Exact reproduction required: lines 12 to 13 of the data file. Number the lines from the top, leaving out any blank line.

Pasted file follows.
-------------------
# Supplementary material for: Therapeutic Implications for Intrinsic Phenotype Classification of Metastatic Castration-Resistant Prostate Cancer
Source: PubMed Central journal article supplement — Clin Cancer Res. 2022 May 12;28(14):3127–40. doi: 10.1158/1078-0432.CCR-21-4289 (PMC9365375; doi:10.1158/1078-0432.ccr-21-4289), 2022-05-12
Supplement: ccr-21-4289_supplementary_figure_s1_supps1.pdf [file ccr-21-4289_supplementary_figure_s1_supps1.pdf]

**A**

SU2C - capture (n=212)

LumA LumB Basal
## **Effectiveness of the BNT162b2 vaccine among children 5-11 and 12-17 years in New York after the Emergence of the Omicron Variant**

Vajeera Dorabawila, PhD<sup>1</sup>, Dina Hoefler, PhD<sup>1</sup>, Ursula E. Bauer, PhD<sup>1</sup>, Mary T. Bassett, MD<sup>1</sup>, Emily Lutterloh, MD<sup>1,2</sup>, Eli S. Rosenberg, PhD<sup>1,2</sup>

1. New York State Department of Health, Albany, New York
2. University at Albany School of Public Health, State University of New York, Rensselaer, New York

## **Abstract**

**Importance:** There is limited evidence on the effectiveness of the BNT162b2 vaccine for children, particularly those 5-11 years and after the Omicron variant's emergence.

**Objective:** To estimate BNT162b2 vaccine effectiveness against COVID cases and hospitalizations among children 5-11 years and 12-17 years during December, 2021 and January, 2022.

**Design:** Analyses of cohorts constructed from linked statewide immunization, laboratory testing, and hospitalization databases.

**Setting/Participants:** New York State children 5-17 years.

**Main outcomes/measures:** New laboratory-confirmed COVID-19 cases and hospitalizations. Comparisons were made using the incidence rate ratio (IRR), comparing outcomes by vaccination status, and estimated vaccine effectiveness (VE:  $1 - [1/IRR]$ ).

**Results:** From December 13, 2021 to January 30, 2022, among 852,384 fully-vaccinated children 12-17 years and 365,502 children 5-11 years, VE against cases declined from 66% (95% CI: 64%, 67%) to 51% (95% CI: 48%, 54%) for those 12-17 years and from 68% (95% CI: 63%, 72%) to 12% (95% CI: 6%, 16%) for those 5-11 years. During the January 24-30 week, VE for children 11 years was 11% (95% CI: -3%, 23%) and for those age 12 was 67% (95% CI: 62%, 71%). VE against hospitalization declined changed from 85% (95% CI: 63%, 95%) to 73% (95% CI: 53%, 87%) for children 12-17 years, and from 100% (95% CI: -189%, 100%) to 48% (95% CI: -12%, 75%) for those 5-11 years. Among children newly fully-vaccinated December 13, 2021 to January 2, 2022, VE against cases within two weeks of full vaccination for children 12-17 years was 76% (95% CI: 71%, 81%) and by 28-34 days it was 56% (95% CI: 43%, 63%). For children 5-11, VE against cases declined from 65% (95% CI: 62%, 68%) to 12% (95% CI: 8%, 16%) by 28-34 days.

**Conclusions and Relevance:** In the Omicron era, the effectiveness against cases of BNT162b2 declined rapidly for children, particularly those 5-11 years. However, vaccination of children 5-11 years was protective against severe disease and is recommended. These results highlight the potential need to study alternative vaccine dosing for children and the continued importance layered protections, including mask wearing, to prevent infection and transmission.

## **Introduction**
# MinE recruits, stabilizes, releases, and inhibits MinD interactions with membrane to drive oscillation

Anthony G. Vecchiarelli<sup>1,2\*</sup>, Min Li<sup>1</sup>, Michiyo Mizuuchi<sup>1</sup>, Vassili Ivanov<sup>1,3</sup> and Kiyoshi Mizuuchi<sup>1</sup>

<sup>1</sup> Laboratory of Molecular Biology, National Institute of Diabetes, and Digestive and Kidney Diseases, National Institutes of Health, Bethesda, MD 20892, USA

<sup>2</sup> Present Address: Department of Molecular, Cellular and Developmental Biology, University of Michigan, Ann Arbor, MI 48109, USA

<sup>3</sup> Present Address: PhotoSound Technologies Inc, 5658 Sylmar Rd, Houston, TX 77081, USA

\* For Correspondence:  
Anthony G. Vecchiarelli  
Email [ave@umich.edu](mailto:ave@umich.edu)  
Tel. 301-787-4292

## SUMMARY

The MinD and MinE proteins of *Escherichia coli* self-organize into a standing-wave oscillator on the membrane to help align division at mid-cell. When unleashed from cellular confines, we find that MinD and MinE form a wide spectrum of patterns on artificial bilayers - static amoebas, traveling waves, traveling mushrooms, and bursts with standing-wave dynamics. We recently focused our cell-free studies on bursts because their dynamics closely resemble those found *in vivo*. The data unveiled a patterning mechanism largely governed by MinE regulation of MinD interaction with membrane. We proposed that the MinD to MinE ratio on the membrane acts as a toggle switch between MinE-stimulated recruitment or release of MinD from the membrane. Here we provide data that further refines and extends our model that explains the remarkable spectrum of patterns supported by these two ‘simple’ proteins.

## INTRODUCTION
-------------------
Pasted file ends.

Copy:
**Importance:** There is limited evidence on the effectiveness of the BNT162b2 vaccine for children, particularly those 5-11 years and after the Omicron variant's emergence.

**Objective:** To estimate BNT162b2 vaccine effectiveness against COVID cases and hospitalizations among children 5-11 years and 12-17 years during December, 2021 and January, 2022.